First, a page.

Moray Old Golf Course ( 6572 yards, par 71 )

This gorse covered links land overlooking the Moray Firth is perfect for the Royal and Ancient game. The Old has every attribute that signifies a great Scottish links course and its closing hole is one of the best in the country. This unheralded classic links was designed by the esteemed Old Tom Morris. It has deep revetted bunkers, undulating gorse lined fairways, excellent green complexes and smooth fast greens. He did a great job with no earth moved and no dunes created. Old Tom simply found the best spots for tee boxes and greens and mowed between them. The effect is one of the most natural feeling links courses you will play. The course runs along the wild sandy beaches of the Moray Firth and was built at a time when the Victorians considered sea bathing to be essential for good health and well-being. Lossiemouth is certainly a bracing place; the courses are hard and running with characteristic sea beech grasses that make for tight lies, requiring the deft bump-and-run approach shot of seaside golf.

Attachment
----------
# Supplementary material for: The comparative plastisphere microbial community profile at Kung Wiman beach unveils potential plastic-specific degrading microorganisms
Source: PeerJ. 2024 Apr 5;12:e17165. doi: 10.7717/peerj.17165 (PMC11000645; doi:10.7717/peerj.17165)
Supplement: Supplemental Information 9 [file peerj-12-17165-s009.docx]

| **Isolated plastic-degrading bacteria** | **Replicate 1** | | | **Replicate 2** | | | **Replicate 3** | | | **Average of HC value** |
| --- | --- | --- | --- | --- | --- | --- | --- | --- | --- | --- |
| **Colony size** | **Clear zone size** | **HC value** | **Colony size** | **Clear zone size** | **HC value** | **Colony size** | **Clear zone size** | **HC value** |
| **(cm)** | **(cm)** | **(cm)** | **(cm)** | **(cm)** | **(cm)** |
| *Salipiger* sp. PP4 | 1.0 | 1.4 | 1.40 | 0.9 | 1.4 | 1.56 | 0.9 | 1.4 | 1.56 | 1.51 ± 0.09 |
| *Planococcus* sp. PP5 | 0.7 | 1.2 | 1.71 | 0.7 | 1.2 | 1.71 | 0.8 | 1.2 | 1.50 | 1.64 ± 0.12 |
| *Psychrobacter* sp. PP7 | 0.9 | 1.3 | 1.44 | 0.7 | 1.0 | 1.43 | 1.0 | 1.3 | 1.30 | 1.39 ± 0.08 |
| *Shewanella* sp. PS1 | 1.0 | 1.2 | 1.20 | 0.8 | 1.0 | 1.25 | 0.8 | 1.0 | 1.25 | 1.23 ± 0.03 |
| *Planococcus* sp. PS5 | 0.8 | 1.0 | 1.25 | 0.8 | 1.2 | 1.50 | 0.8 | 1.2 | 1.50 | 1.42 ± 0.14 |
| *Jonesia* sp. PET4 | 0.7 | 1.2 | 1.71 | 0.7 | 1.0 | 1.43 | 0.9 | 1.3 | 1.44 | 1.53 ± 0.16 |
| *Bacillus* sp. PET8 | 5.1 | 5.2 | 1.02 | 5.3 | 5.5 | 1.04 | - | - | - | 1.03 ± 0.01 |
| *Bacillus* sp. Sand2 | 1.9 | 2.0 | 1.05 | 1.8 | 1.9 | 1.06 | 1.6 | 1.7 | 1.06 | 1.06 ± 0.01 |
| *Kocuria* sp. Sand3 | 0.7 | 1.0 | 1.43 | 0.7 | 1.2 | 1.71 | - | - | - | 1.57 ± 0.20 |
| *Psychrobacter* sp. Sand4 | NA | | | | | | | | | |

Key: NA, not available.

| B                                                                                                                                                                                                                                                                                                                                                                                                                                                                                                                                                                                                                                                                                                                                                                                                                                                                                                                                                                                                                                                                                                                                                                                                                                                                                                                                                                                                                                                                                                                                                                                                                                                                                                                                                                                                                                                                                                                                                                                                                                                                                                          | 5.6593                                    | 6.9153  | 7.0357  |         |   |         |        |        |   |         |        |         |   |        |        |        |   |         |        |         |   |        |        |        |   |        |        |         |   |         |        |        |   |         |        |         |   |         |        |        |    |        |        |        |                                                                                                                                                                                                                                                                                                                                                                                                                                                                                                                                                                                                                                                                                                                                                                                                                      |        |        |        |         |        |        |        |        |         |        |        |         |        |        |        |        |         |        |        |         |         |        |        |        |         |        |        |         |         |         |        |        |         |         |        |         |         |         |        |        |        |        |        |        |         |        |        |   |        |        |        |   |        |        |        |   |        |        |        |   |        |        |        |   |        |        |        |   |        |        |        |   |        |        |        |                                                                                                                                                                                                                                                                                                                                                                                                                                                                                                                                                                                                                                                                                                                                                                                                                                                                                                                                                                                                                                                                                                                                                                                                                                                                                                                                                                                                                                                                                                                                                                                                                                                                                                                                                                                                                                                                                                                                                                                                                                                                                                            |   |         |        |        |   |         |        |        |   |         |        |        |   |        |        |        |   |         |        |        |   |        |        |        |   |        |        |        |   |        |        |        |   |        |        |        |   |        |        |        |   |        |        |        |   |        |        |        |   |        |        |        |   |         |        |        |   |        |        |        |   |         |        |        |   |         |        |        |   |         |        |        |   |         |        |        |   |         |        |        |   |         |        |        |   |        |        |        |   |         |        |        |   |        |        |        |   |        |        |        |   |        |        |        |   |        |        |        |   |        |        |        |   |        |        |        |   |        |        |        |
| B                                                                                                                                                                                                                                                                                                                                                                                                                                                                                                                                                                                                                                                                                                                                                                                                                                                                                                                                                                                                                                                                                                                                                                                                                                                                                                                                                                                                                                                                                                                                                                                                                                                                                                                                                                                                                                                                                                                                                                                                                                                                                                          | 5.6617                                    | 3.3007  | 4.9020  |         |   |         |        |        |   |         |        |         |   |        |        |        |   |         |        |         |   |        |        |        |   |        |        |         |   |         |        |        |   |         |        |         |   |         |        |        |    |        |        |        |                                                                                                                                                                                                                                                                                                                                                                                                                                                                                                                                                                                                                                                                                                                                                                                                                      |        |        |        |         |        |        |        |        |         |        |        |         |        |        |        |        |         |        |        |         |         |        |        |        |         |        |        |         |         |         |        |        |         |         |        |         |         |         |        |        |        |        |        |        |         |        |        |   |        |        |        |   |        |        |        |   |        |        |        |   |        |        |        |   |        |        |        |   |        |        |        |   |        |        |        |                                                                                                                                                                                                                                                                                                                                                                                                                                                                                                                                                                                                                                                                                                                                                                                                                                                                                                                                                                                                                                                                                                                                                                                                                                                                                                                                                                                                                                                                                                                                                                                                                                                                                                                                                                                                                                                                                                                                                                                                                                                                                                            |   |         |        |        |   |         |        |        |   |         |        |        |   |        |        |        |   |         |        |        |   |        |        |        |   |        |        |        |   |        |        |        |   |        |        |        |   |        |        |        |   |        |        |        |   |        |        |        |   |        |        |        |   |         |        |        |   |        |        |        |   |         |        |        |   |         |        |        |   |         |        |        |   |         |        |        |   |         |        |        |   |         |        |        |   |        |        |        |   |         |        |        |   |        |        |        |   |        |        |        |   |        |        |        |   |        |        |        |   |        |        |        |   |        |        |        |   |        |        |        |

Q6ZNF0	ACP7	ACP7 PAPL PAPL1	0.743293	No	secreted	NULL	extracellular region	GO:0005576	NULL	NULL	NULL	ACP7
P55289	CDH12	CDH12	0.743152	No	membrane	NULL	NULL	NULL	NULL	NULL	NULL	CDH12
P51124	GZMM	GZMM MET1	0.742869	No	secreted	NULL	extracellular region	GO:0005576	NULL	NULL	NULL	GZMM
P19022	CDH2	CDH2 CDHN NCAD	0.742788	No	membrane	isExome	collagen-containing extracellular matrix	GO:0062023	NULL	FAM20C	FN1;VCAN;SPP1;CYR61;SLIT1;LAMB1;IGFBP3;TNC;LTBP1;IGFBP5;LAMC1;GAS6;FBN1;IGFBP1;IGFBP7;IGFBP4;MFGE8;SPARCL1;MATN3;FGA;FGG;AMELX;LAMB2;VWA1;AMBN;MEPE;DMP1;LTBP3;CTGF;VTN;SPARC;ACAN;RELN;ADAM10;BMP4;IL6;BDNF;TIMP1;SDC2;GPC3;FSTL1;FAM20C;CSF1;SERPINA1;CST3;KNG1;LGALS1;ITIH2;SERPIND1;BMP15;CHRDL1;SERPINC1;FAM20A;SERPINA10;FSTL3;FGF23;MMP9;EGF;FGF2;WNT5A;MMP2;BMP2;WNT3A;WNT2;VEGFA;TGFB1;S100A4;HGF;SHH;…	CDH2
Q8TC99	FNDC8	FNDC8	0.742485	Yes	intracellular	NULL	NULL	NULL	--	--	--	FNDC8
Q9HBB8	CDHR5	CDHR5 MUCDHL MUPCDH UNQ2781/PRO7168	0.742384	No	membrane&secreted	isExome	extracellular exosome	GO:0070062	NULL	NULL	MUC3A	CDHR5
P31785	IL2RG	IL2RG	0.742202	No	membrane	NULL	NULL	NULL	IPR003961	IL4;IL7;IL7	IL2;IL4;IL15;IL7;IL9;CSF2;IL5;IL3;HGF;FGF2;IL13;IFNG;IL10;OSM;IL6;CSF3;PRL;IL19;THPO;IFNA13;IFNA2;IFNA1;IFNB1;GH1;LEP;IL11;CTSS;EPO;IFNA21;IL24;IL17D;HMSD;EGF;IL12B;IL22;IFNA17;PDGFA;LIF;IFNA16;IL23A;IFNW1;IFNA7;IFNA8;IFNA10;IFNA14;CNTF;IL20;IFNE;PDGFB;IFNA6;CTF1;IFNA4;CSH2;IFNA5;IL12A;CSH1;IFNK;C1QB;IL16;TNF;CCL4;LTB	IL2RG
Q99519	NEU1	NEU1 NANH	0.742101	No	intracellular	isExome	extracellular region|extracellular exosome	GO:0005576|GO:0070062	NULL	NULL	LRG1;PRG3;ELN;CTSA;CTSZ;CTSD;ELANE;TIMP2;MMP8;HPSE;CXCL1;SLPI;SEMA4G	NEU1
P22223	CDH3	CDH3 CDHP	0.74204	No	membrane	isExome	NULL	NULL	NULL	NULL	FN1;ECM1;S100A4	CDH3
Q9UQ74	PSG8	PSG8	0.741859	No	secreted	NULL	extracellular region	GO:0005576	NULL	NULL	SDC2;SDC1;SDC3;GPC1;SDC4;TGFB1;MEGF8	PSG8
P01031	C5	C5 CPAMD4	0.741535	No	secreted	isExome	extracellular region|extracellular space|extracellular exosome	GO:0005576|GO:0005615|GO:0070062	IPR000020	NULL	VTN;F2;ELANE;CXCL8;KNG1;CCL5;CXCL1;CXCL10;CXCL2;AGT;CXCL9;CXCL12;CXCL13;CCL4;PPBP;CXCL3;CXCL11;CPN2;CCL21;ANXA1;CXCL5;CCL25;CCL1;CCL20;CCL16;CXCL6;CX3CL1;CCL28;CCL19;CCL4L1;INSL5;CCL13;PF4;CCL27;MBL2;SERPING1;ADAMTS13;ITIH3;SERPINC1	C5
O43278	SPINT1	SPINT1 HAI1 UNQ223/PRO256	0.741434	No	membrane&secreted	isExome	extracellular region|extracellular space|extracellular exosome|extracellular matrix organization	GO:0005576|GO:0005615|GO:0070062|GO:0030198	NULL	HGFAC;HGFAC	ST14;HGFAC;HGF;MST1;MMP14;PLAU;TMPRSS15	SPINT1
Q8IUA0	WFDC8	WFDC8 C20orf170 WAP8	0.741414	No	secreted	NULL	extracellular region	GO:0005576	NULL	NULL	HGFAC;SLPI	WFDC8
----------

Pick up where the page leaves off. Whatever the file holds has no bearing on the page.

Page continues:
It is a superb test of golf with seven par fours over 400 yards. Laid out on the edge of the Lossiemouth RAF base, Moray's Old Course begins and ends in the town as with St Andrews, Cruden Bay and North Berwick. It is demanding and requires determination and thought rather than power. A deft putting touch also helps. The course has played host to many Amateur and Professional tournaments since 1901 but the Moray Open and Club Championship are the highpoint of each year for golfers in the region. Moray has been a popular attraction for many tourists who make the trip every year and the region's biggest pull is the two Moray golf courses. The stunning land and seascape makes it a must for golfers visiting the area. This part of the country sits in a micro-climate which means that the course often plays well all year round. Each hole has been considered to test the lower handicap player, while at the same time, giving enjoyment to all who play the game.